And now for something completely different… I’ve never written a book review before, but that didn’t stop me from doing it anyway. The review below was for the Cornell Railroad Historical Society, a club I belong to. I thought my fellow members would enjoy said book, hence the review for our monthly newsletter. As mentioned below, I doubt non railfans will find the book as compelling, but I quite enjoyed it.
Set Up Running, The Life of a Pennsylvania Railroad Engineman 1904 – 1949, by John W. Orr Penn State Press, 2001
Ah, the Golden Age of Steam. Luxurious named trains like the 20th Century Limited conveying the rich and famous between cathedral-like stations with speed and comfort. Oscar Orr was a steam engineer during that time. However, the closest he came to the above picture was when a passenger train thundered by as he sat idling on a siding with a load of coal cars behind him. But it is precisely his seemingly more mundane experience that makes “Set Up Running” such an interesting book to me.
The book details the life of “O.P.”, as he was known, as told by his son John. O. P. worked on the Pennsylvania Railroad from 1904 until 1949. He primarily drove slow freight trains on the Williamsport division. Most of the book consists of John retelling tales of the road that he heard from his father. Since John wasn’t actually there, he either has a terrific memory of what O.P. told him or is just good at seamlessly filling in all the small details. Be that as it may, he paints a credible portrait of life on the Pennsy. Maybe it all didn’t happen exactly that way, but it sure seems like it could have.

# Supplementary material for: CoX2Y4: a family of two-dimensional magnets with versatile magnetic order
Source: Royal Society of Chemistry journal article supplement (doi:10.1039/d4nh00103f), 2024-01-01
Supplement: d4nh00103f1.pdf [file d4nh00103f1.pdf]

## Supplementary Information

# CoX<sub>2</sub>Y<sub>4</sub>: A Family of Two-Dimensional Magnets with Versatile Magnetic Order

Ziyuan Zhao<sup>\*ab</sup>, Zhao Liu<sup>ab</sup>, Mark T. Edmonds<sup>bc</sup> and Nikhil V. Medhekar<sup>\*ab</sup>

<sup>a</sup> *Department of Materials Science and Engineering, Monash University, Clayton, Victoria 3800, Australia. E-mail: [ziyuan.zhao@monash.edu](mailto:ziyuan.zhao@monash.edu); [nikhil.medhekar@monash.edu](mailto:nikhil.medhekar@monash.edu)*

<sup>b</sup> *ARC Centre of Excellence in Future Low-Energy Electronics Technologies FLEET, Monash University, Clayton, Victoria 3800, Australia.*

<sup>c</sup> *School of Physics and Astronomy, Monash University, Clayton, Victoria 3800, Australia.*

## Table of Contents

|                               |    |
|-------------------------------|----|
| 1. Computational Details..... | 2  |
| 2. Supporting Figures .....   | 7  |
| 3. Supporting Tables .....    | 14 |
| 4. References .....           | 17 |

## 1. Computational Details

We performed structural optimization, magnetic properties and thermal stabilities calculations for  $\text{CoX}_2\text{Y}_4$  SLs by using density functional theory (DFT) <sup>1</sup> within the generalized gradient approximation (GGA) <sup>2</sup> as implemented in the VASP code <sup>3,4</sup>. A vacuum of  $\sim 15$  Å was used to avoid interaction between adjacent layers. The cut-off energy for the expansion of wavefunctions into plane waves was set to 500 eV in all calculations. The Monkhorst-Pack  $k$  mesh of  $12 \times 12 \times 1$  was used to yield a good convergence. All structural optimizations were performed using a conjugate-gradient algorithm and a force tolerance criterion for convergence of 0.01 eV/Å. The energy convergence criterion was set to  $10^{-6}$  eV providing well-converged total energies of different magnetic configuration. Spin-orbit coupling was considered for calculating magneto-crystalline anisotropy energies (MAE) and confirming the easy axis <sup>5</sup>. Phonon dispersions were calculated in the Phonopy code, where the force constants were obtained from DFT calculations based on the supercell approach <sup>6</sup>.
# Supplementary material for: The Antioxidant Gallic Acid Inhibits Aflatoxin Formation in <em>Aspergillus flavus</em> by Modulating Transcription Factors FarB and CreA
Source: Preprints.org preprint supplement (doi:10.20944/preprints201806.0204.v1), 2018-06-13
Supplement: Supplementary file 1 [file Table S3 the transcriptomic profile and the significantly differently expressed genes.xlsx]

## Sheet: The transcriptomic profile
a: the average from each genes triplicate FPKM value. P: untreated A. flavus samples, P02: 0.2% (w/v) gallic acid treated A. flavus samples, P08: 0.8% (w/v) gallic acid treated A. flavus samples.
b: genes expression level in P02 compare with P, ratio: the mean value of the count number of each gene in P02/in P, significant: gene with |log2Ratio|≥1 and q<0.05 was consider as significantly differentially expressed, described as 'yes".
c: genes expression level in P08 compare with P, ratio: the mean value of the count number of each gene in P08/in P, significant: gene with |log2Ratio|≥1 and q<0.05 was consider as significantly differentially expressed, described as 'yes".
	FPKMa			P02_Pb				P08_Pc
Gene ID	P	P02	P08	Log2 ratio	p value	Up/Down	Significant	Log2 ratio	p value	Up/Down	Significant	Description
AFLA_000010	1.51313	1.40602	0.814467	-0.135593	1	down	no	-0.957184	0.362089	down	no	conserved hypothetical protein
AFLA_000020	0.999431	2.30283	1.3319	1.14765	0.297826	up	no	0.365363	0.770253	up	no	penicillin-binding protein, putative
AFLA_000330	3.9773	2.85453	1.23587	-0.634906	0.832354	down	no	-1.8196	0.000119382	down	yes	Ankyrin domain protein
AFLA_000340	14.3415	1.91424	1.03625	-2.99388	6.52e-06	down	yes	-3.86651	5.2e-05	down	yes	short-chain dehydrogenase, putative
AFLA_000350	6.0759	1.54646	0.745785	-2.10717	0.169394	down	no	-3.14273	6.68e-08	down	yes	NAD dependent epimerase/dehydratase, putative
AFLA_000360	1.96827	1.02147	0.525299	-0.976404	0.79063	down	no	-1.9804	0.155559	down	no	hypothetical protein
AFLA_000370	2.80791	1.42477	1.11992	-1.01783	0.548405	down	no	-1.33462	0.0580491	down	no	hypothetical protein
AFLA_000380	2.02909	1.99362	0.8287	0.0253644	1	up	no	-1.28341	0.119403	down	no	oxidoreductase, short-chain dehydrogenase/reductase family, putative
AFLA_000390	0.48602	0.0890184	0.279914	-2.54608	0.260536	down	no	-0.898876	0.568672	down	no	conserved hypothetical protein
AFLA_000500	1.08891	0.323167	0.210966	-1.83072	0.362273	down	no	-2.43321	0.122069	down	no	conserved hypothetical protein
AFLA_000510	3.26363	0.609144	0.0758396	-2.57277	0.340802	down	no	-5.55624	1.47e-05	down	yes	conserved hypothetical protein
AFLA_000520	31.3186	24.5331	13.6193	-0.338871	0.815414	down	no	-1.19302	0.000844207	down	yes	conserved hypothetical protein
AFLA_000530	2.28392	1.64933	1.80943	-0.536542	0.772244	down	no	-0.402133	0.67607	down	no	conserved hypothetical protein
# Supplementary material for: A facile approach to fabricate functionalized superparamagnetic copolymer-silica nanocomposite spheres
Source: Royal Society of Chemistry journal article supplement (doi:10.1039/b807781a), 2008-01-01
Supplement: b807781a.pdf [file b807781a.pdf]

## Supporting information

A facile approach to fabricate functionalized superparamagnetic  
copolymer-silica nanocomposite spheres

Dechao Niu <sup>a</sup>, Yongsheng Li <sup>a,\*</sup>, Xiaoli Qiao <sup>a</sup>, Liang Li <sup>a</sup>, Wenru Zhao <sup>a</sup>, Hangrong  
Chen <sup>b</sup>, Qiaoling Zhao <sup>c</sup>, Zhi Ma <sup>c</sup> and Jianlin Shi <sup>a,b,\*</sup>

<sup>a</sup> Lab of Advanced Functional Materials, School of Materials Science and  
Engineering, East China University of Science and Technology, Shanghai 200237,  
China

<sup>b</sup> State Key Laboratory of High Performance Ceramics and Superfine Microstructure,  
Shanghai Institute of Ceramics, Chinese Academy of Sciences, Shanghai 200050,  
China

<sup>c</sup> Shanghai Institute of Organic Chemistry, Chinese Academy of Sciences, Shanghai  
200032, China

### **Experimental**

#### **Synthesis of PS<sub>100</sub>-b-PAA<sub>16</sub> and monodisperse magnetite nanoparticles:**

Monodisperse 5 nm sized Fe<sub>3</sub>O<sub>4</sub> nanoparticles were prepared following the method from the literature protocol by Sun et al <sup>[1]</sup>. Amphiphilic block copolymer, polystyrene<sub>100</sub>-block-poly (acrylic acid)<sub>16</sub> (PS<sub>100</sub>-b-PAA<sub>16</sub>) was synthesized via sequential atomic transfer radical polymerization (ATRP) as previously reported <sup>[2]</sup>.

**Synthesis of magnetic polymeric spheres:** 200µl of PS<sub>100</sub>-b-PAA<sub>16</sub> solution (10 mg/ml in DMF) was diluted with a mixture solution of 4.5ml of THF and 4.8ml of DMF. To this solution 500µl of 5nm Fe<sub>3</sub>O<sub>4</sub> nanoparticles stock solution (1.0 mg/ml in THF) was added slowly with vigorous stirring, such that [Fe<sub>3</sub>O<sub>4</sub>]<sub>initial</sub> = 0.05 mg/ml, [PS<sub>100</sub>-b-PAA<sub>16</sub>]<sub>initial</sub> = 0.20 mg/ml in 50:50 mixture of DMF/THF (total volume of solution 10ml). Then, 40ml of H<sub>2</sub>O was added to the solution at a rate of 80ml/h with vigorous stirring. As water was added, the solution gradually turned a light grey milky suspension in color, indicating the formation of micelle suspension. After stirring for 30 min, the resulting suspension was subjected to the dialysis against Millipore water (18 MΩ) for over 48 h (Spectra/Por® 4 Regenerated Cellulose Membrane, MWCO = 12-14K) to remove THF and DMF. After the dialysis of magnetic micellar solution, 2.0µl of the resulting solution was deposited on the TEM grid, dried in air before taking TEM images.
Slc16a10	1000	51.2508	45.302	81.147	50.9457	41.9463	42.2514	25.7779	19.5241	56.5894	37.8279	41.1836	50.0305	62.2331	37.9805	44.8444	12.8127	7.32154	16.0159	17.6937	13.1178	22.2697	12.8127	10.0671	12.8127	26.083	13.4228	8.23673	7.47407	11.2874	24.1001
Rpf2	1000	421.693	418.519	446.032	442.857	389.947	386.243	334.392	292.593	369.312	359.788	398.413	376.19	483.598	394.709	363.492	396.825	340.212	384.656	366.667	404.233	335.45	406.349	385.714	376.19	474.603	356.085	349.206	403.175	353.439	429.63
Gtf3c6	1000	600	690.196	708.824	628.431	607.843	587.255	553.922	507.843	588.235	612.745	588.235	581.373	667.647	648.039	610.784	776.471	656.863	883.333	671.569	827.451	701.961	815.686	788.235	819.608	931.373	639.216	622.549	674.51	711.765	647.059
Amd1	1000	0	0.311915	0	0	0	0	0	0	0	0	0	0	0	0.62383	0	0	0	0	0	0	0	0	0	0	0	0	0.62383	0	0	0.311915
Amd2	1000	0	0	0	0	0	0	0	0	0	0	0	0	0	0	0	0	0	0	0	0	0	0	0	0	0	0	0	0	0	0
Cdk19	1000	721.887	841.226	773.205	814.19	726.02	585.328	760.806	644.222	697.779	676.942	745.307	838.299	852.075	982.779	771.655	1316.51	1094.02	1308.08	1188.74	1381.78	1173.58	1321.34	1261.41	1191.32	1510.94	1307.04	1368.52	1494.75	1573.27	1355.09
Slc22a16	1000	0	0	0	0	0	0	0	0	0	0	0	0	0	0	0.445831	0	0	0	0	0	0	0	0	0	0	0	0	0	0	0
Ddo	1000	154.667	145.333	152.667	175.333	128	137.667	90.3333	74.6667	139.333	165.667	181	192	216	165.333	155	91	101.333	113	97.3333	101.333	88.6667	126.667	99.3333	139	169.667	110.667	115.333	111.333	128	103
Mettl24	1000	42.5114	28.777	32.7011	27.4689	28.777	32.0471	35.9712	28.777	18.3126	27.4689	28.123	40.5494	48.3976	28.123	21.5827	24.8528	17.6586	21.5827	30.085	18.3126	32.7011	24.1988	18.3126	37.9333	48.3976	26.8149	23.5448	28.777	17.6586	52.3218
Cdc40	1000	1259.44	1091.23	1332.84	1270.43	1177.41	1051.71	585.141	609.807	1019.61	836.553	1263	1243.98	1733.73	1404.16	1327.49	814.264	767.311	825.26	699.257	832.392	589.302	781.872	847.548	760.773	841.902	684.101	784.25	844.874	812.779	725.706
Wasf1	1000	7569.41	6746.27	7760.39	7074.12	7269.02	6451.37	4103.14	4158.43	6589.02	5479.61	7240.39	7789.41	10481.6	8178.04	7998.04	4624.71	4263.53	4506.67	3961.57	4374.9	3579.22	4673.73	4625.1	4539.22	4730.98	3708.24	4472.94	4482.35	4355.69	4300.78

I enjoyed this insider’s look at an oft-neglected aspect of a bygone era. You get a real feel for the daily life a freight train steam engineer. It’s probably too detailed for the non-railfan reader, but then again, such a reader probably wouldn’t pick up the book in the first place. And even casual railfans, like me, will be puzzled at times. (What, again, does a Johnson Rod do?)
It’s easy to romanticize the age of steam, but it was a tough, hard job running a train, especially when you’re pulling heavy loads up tough grades with less than cutting-edge equipment. The hours were long, the conditions harsh, but O.P. took pride in his skill as an engineer. We often hear about how he successfully dealt with various weather or scheduling or equipment problems.
This is the real nitty-gritty world of steam power. Since O.P. mostly worked either freight trains or in the yards, the engines he drove were a bit past prime. The newest and best were reserved for passenger and fast freight trains. Occasionally, though, he was called upon to test drive a new or improved engine, a job he much enjoyed.
Even for aficionados the book can drag in places – do we really need a mile by mile report again and again about the struggle up hills between Williamsport and Elmira? Or details about the schedule of trains he took to get back home?
Probably not, but then again, it does paint a very detailed and vivid picture of the life he led. After reading this book I feel I have a much better understanding and appreciation for what it was like to be a freight train steam engineer in the first half of the 20th Century.
In summary, if your idea of a great vacation destination is Scranton P.A (Steamtown!) you will probably enjoy this book.